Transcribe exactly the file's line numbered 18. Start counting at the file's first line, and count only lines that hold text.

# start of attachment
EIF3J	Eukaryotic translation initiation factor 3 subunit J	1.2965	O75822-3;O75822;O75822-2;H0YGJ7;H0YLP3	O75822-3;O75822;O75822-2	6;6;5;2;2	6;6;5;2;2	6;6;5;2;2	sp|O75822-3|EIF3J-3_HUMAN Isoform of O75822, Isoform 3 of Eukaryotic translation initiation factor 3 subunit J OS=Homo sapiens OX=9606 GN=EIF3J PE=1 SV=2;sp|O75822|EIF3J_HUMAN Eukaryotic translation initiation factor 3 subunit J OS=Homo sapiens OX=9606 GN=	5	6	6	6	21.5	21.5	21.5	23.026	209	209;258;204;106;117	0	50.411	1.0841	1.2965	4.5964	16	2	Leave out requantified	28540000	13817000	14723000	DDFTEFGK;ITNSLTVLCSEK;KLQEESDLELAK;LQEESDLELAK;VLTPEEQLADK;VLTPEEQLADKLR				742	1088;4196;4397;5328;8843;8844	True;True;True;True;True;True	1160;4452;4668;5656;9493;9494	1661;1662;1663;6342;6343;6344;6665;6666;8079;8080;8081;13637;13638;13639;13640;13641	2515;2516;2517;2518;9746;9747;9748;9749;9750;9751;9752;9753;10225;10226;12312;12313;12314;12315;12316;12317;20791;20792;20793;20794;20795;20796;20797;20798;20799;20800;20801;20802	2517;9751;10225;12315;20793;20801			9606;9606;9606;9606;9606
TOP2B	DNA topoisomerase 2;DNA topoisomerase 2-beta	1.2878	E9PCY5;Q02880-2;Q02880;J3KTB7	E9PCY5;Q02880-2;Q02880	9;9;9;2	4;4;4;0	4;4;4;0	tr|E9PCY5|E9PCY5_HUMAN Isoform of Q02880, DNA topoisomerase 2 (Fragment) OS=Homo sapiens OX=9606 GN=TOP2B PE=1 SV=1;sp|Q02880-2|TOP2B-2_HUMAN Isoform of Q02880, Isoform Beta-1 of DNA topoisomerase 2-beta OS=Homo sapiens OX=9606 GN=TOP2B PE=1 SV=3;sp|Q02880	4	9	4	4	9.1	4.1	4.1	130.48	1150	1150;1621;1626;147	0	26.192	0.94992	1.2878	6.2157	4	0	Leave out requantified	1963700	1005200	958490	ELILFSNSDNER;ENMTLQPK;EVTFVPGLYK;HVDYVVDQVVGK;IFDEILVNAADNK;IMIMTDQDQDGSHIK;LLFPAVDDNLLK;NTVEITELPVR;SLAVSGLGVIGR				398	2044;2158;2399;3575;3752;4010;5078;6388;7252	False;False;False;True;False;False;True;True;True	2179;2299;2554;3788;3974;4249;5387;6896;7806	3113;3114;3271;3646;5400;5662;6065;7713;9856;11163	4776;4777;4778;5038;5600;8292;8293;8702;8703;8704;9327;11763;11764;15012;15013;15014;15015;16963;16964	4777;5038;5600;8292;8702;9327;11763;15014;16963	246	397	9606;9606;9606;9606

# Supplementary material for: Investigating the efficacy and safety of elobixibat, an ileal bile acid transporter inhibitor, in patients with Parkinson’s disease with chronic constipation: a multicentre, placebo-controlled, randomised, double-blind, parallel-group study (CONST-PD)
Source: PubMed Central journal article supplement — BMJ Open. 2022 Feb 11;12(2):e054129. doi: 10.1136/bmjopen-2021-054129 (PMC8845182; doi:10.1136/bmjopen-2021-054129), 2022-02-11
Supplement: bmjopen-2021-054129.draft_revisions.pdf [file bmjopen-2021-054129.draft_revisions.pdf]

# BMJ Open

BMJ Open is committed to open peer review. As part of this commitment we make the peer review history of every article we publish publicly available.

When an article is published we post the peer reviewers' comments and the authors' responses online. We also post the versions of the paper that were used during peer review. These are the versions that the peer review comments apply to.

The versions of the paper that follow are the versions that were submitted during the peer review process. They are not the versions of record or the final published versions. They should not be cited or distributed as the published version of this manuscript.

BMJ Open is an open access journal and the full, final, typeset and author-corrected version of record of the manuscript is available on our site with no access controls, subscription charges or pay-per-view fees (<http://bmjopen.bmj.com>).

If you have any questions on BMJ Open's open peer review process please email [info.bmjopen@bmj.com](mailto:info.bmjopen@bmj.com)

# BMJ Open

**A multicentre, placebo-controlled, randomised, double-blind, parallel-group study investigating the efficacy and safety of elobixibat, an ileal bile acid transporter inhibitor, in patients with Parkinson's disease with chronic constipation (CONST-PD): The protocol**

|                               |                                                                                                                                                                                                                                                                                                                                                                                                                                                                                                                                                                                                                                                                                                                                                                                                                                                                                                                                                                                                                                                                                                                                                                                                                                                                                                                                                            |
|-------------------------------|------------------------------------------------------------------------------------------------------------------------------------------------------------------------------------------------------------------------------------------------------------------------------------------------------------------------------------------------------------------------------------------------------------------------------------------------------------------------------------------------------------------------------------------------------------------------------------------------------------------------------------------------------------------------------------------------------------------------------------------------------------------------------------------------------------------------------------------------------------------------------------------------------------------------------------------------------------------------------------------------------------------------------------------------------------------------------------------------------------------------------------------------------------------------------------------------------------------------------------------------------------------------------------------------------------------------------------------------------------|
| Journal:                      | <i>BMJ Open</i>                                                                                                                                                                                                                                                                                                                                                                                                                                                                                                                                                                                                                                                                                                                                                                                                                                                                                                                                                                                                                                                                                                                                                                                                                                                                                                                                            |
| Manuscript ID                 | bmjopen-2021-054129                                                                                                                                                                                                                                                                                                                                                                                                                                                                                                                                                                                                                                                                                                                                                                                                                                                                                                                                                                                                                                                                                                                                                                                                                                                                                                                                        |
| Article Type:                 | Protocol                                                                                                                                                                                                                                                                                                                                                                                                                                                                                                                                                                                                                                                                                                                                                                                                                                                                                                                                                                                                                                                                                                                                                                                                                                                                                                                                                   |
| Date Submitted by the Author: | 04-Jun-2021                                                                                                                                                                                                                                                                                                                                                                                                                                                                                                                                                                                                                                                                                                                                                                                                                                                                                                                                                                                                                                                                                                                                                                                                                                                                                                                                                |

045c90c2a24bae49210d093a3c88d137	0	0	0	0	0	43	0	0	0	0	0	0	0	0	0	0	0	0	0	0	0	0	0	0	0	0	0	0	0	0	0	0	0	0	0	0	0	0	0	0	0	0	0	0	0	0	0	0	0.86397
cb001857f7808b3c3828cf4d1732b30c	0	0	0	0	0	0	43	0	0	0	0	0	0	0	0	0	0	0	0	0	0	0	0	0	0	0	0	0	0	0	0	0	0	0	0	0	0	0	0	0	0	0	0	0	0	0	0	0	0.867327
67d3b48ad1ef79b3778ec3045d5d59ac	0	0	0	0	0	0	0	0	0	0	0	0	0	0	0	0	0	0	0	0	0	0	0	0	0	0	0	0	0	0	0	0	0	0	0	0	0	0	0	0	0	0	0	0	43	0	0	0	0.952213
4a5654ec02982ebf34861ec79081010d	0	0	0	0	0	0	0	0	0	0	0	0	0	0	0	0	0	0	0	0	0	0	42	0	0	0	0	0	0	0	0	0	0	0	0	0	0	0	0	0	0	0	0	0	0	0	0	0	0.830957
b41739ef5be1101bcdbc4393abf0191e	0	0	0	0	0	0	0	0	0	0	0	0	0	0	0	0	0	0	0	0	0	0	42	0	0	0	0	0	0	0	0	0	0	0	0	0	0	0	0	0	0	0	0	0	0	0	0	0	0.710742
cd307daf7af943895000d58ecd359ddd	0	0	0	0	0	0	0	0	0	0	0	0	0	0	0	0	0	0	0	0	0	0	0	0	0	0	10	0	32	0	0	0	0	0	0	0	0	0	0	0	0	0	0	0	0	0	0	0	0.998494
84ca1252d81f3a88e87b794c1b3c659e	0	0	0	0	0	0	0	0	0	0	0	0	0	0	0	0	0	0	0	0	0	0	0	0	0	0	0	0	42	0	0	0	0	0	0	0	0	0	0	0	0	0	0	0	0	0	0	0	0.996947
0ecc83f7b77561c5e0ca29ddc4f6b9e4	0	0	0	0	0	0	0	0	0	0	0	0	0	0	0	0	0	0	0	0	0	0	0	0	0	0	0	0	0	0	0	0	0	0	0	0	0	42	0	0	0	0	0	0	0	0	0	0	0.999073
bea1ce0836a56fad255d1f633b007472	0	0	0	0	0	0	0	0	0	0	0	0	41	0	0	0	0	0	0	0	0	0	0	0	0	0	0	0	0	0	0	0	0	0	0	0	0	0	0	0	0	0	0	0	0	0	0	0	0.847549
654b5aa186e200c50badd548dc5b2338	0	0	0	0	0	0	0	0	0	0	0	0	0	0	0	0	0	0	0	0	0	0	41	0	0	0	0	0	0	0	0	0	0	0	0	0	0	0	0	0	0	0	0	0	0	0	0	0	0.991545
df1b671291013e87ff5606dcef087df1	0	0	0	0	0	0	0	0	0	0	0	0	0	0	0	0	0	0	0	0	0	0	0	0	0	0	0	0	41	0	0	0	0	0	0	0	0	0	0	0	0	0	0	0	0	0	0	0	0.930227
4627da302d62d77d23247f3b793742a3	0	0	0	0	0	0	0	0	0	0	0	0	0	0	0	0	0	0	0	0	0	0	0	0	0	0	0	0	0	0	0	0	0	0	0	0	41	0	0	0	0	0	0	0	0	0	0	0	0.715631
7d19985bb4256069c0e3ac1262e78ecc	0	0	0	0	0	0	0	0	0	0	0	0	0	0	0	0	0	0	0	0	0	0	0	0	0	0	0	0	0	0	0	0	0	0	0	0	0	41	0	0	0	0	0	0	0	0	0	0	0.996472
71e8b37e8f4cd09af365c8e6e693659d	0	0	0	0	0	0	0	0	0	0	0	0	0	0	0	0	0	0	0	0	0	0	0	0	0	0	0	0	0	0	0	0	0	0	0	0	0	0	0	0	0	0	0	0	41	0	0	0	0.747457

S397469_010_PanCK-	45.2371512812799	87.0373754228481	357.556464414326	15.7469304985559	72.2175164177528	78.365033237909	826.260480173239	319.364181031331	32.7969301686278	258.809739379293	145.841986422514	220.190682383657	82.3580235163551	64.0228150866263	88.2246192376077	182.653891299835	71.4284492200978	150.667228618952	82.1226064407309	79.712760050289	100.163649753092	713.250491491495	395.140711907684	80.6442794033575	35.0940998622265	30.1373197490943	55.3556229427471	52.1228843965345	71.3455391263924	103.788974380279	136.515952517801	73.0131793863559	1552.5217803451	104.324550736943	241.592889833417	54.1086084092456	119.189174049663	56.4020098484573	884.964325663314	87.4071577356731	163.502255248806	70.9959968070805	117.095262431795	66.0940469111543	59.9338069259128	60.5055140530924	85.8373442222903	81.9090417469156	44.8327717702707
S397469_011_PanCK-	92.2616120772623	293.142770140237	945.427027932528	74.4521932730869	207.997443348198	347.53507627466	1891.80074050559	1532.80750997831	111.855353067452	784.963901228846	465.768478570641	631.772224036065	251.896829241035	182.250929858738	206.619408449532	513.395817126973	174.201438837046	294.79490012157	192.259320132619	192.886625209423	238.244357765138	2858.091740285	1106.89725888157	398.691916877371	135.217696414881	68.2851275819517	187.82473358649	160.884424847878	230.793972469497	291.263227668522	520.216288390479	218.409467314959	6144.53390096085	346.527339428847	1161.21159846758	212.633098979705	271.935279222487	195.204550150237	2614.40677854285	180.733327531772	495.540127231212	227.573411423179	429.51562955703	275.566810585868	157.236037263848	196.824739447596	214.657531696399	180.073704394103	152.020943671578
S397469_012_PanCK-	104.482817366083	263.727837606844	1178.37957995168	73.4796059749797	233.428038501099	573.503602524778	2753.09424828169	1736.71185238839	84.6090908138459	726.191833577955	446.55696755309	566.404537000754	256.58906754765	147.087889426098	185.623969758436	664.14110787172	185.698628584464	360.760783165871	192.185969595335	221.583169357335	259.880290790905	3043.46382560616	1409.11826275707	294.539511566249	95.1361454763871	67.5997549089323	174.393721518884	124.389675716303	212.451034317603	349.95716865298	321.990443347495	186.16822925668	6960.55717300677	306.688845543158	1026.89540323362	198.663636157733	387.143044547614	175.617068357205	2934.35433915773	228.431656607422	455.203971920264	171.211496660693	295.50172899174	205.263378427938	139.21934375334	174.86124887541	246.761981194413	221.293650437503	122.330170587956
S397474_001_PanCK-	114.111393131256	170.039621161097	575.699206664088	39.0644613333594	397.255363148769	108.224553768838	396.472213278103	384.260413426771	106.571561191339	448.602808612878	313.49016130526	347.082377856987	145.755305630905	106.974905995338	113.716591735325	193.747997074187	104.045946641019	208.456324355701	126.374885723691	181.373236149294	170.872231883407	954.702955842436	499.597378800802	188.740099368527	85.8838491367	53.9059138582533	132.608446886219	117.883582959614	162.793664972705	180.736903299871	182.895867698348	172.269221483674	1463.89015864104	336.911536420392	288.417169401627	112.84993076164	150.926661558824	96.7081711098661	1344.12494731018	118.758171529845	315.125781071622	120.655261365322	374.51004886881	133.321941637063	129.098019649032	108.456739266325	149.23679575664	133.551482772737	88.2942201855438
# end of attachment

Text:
| Article Type:                 | Protocol                                                                                                                                                                                                                                                                                                                                                                                                                                                                                                                                                                                                                                                                                                                                                                                                                                                                                                                                                                                                                                                                                                                                                                                                                                                                                                                                                   |